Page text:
Like a kaleidoscope, mineral availability constantly changes in the environment.
The complicated and interactive nature of minerals is one reason cattle producers work with Extension through the “Mineral Nutrition for the Beef Cow Herd” program.
About 100 cattle operations have participated in this yearlong program since it first began as an South Dakota State University Extension program in 2017. The program expanded to North Dakota State University in 2018, and to Montana State University and University of Wyoming in 2021.
The program is facilitated by Extension livestock specialists and agents in each state.
“Minerals aren’t always going to be a silver bullet for production issues, but they are an important component of beef cattle nutrition programs. When people do some sampling and testing, they can start to determine individual challenges on their ranch,” said Janna Block, Extension livestock systems specialist based at the Hettinger, N.D., Research Extension Center.
Ranches sign up and pay a small fee (less than $200) to participate in this program. The program begins with a series of evening webinars.
When the program began, in-person daylong meetings were held to discuss the basics of mineral feeding and testing. That changed to online webinars with COVID. Now, most cattle ranchers agree that attending webinars from the comfort of home is easier than fighting the weather and slippery roads to attend in person.
Those who register have access to recordings of the webinars, so they can rewatch sessions, too.
An initial forage test and a water analysis from Ward Laboratories are included in the registration cost. Some ranchers have also used a yearlong discount from Ward Labs to test forages biweekly or monthly throughout the growing season.
“Taking the time to collect the sample is really critical if you want to understand where your cows might be in terms of mineral status,” Block said.
Program leaders recently summarized mixed grass pasture samples collected over the years during the growing season (May-September) in North Dakota and South Dakota.
Out of 175 forage samples collected through the program, many of the samples were high for iron and sulfur, which are two minerals known to reduce copper availability and absorption in cattle.
Calcium was adequate in most samples.
Almost every sample contained selenium levels that would exceed beef cattle requirements of 0.10 parts per million (ppm) in the diet.
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Only 4 percent of the samples met the cow diet requirement for copper of 10 ppm. For zinc, only 22 percent of samples met the recommended 30 ppm.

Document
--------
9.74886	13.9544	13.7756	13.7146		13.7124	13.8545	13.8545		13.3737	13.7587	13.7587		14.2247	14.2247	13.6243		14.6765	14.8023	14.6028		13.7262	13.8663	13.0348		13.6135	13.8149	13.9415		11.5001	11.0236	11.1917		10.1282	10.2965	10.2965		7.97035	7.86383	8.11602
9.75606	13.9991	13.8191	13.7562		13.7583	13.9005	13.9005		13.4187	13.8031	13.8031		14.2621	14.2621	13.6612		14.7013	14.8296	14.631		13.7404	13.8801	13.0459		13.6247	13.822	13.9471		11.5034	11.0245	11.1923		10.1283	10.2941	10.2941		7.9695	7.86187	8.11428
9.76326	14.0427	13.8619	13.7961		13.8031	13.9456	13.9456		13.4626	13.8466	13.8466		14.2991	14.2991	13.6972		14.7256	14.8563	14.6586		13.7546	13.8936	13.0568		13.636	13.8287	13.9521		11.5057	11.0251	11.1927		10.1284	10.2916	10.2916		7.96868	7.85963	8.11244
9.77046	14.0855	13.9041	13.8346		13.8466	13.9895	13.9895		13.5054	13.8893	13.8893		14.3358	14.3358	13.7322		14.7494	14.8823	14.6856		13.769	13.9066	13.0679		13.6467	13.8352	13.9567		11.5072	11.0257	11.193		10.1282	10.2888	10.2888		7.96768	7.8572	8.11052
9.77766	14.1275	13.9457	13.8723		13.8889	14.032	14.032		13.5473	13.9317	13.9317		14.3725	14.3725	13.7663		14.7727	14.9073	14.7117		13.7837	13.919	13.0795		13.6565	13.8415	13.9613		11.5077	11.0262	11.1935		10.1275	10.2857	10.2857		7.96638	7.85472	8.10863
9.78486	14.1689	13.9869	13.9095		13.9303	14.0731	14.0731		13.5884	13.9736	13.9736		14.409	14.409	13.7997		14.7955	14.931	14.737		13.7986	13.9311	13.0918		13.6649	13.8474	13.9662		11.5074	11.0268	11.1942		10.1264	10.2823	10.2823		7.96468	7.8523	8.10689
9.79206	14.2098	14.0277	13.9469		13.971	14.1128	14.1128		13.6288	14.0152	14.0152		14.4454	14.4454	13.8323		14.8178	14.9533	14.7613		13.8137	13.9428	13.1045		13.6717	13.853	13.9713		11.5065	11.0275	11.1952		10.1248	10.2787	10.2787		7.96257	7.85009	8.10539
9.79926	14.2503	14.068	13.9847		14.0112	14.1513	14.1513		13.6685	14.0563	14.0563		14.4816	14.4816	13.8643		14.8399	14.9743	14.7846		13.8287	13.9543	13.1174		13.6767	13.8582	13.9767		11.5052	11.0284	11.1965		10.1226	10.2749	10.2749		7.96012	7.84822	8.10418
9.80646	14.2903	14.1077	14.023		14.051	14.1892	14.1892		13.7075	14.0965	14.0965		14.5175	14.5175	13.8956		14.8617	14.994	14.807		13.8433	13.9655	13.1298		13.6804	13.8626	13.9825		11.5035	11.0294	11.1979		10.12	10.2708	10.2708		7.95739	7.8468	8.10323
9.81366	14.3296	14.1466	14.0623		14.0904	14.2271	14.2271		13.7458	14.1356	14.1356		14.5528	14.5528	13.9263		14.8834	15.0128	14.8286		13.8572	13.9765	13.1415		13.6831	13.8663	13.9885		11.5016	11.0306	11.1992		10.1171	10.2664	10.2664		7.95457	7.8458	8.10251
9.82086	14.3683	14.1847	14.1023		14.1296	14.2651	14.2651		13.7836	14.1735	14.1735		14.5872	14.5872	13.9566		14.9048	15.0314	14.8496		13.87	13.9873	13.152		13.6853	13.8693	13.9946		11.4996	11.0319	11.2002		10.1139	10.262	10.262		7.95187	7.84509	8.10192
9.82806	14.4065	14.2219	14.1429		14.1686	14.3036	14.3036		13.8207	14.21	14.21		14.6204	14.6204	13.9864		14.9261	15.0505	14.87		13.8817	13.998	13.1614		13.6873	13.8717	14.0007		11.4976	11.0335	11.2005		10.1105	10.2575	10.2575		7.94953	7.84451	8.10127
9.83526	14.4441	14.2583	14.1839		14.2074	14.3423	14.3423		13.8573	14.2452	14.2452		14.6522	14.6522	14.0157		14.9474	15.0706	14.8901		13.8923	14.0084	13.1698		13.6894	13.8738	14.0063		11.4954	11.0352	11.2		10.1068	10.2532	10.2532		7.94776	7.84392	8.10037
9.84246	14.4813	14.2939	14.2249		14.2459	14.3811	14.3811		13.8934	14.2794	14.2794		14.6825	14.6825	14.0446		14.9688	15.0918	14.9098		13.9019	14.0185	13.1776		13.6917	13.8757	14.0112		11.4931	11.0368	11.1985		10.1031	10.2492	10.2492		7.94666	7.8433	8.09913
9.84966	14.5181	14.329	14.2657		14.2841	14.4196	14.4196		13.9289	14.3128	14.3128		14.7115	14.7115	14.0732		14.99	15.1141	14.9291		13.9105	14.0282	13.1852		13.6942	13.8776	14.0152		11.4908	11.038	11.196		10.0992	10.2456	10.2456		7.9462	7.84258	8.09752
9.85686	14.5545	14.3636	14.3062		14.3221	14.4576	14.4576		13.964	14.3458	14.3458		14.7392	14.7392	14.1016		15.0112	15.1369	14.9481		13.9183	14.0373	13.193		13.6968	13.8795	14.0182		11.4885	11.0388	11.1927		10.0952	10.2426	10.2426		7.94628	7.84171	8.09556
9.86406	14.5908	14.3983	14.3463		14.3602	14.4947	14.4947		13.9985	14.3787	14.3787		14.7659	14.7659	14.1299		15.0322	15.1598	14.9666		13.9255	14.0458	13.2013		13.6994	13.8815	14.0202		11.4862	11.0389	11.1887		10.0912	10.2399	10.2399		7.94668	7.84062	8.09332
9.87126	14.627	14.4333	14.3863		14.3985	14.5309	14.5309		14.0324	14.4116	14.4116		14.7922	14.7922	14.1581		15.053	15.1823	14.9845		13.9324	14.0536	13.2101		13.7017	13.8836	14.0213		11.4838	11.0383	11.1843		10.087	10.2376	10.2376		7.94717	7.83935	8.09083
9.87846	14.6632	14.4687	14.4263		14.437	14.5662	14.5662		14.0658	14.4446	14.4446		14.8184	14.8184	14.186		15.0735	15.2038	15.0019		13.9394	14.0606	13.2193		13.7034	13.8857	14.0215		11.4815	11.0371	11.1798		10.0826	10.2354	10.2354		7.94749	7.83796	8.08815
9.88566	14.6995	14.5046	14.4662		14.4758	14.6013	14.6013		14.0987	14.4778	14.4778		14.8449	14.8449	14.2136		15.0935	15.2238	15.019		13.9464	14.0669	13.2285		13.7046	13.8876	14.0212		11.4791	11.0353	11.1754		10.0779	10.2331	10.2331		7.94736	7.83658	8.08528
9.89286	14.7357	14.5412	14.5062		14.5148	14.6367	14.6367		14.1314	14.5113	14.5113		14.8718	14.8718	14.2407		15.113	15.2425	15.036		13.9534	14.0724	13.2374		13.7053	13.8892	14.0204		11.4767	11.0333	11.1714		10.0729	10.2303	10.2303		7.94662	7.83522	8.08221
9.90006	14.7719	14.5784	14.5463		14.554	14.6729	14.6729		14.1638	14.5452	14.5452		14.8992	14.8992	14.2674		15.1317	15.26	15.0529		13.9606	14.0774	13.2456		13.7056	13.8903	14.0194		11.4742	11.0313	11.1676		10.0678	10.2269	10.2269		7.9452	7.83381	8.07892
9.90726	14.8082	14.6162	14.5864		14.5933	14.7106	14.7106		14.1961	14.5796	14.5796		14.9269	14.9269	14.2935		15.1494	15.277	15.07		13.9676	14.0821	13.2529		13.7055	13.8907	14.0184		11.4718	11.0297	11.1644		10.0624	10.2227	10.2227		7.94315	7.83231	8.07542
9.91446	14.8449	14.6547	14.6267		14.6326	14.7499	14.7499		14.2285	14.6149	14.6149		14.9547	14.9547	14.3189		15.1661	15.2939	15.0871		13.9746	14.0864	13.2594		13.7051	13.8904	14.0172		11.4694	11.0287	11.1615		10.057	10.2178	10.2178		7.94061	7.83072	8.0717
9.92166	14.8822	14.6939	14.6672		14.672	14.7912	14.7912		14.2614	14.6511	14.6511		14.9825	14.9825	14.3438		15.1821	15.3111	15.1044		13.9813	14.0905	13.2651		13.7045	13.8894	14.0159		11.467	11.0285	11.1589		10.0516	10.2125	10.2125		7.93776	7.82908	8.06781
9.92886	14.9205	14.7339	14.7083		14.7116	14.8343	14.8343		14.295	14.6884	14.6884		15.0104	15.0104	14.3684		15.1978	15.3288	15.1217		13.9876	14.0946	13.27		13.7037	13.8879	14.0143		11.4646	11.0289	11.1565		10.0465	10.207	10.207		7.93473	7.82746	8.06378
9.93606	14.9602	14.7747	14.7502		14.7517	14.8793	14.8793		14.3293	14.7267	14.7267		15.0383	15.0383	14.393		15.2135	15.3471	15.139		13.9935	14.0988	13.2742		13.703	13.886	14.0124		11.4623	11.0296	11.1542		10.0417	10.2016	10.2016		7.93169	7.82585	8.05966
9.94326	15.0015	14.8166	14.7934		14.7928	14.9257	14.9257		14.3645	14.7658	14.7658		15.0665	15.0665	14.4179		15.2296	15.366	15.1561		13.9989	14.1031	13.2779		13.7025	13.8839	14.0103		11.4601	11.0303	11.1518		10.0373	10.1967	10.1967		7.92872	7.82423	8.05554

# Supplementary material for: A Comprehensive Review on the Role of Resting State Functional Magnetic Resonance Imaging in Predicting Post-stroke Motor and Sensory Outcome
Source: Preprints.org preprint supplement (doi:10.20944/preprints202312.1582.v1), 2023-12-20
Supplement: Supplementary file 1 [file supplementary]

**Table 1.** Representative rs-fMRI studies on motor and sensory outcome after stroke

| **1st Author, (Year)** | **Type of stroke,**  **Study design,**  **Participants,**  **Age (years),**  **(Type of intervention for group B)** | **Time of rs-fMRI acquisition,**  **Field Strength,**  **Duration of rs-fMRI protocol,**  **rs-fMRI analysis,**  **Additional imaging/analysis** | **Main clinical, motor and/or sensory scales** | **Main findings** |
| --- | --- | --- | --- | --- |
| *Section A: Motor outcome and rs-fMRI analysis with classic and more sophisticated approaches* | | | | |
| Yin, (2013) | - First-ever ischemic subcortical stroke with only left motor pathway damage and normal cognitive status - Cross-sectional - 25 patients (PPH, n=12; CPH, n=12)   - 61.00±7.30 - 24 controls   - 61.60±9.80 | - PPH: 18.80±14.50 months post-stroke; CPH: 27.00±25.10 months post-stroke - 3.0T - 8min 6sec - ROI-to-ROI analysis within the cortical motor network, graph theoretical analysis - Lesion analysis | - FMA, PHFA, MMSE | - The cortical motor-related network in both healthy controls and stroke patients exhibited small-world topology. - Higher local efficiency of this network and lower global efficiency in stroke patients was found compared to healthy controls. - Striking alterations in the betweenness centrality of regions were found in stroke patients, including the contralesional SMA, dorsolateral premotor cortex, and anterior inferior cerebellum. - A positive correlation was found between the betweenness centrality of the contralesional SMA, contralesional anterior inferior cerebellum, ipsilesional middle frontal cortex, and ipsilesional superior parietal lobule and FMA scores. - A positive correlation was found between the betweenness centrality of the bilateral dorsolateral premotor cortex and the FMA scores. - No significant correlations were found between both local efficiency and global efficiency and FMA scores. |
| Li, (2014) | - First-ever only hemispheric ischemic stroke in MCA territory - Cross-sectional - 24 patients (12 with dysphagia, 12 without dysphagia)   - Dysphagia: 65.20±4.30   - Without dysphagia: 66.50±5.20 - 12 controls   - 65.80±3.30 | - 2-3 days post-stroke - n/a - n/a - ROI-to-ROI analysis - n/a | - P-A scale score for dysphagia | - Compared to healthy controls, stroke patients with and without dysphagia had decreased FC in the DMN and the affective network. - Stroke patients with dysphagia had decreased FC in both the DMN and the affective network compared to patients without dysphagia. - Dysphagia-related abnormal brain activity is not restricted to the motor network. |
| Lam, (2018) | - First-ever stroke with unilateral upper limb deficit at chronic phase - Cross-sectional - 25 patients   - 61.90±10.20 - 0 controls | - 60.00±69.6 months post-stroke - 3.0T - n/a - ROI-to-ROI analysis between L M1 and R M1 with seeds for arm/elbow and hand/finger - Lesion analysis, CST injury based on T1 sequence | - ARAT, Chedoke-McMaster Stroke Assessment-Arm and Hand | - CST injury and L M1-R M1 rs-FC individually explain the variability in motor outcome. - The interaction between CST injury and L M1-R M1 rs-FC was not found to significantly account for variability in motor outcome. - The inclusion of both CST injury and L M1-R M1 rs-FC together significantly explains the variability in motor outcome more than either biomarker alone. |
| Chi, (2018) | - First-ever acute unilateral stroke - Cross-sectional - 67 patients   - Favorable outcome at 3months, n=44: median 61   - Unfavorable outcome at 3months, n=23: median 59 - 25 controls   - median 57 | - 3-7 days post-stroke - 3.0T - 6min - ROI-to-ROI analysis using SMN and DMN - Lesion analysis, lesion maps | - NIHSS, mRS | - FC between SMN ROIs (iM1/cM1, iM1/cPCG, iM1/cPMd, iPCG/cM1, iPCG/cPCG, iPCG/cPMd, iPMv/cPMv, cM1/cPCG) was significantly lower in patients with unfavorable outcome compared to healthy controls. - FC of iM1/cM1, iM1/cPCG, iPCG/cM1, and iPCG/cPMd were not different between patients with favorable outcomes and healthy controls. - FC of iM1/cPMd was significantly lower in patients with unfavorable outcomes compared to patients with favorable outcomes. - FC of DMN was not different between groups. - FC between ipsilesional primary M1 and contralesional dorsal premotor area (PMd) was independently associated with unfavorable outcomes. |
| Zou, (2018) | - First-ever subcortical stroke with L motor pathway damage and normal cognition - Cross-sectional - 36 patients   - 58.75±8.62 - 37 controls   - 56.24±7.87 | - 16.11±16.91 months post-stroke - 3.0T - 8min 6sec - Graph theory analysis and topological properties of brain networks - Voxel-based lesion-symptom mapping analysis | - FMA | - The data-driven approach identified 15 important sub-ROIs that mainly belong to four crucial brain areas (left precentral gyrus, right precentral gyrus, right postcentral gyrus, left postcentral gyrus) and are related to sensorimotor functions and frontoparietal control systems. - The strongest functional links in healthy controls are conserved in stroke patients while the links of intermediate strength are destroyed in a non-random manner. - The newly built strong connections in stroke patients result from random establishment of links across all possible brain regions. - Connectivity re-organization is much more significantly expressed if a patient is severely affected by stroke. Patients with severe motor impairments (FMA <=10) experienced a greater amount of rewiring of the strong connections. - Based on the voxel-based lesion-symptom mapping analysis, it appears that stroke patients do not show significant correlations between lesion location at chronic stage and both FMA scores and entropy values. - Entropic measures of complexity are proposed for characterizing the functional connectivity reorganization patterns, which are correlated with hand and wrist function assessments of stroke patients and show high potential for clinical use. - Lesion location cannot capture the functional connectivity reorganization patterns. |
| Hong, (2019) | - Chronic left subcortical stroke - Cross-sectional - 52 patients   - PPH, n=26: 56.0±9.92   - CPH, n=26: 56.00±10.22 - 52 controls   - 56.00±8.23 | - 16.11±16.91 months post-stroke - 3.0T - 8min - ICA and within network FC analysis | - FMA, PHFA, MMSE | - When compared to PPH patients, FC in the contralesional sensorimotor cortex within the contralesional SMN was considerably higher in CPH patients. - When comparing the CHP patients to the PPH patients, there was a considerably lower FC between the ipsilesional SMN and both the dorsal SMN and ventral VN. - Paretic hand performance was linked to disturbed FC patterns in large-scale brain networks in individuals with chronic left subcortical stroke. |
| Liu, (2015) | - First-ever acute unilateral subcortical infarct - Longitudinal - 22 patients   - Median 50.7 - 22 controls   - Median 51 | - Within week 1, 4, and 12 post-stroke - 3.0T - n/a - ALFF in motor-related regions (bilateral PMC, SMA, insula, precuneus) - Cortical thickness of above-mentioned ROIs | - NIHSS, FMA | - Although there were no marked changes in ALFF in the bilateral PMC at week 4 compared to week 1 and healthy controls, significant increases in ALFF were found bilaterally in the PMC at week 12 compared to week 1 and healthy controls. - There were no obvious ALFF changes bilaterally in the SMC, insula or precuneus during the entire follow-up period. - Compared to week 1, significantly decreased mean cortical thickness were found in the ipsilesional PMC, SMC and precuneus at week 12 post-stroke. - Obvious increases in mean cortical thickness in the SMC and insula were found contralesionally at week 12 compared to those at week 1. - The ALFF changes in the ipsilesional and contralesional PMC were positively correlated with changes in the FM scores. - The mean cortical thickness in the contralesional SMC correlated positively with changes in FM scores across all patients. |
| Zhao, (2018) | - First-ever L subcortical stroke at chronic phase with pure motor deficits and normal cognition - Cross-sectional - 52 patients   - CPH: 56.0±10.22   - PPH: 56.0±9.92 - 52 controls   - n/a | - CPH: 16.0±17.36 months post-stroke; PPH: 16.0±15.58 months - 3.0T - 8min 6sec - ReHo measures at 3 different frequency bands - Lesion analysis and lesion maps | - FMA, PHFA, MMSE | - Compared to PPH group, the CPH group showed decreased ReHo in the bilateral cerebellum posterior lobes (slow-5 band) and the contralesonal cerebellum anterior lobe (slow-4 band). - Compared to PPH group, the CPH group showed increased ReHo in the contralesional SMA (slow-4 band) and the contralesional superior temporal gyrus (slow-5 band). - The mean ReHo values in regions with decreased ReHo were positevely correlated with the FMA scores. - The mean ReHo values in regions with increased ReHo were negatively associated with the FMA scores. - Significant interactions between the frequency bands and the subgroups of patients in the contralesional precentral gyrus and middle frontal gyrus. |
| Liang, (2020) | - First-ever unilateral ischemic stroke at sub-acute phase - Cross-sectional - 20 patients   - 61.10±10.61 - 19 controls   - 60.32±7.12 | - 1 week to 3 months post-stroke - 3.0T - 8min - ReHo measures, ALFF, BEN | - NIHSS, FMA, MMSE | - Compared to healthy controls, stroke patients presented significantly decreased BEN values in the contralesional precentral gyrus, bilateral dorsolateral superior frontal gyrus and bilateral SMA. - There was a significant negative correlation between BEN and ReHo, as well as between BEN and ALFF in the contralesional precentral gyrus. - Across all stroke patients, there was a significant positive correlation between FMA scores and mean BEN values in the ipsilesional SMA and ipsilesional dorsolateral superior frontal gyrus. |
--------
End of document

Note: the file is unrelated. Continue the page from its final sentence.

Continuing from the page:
Phosphorus levels were also adequate in only 14 percent of samples.
Block said some research suggests phosphorus plays a role in reproduction, and it also is important for many other body functions.
Phosphorus is also very expensive to supplement.
“You don’t need to overdo phosphorus, but without knowing what the phosphorus levels are in the forage, you could be either over- or undersupplying that,” she said.
Another benefit from this program is one in-person ranch visit, as well as follow up assistance, as needed, to evaluate the mineral program. Virtual ranch visits are available to producers outside the four-state region.
Every ranch has their own unique mineral program or system, Block said. There have been only a few times she’s seen the same mineral tag show up at various ranches. Smaller regional companies offer mineral products, and there are also national companies that have a presence. Ranchers sometimes mix their own minerals or purchase custom mineral mixes.
“Every single ranch visit is different and everybody’s situation is different,” she said. “We see so many different products being used. There must be thousands of mineral products out there. It is interesting to see how everyone fine-tunes their mineral programs.”
Additional webinars are held each fall to help producers continue to evaluate their mineral program.
In conjunction with the mineral nutrition program, two Mineral Field Days were held last summer – at Streeter, N.D., and Cottonwood, S.D. These meetings featured industry representatives and University researchers that talked about updates to research, as well as provided general mineral nutrition guidelines.
Ranchers were shown how liver biopsies are performed and completed for mineral analysis.
Blood samples can provide good information for some minerals in the live cattle, too.
Block gives a great deal of credit to the work of animal mineral nutrition researchers. There are many interactions in the body between minerals, and it’s not always clear whether a performance response is due to withholding/feeding a certain mineral. Not all minerals are stored in the body in the same way, and they are not all stored consistently. The environment, forage production stage, and stress levels of the cows are just a few of the factors that affect mineral utilization.
“The thing you hear over and over is how complicated the topic is,” Block said. “It’s part science, but also a lot of art. You must figure out what works in your situation.”
That starts, she said, by testing your forages for mineral content.
For more information about the “Mineral Nutrition for the Beef Cow Herd” program, please contact Janna Block at 701-567-4323 or [email protected]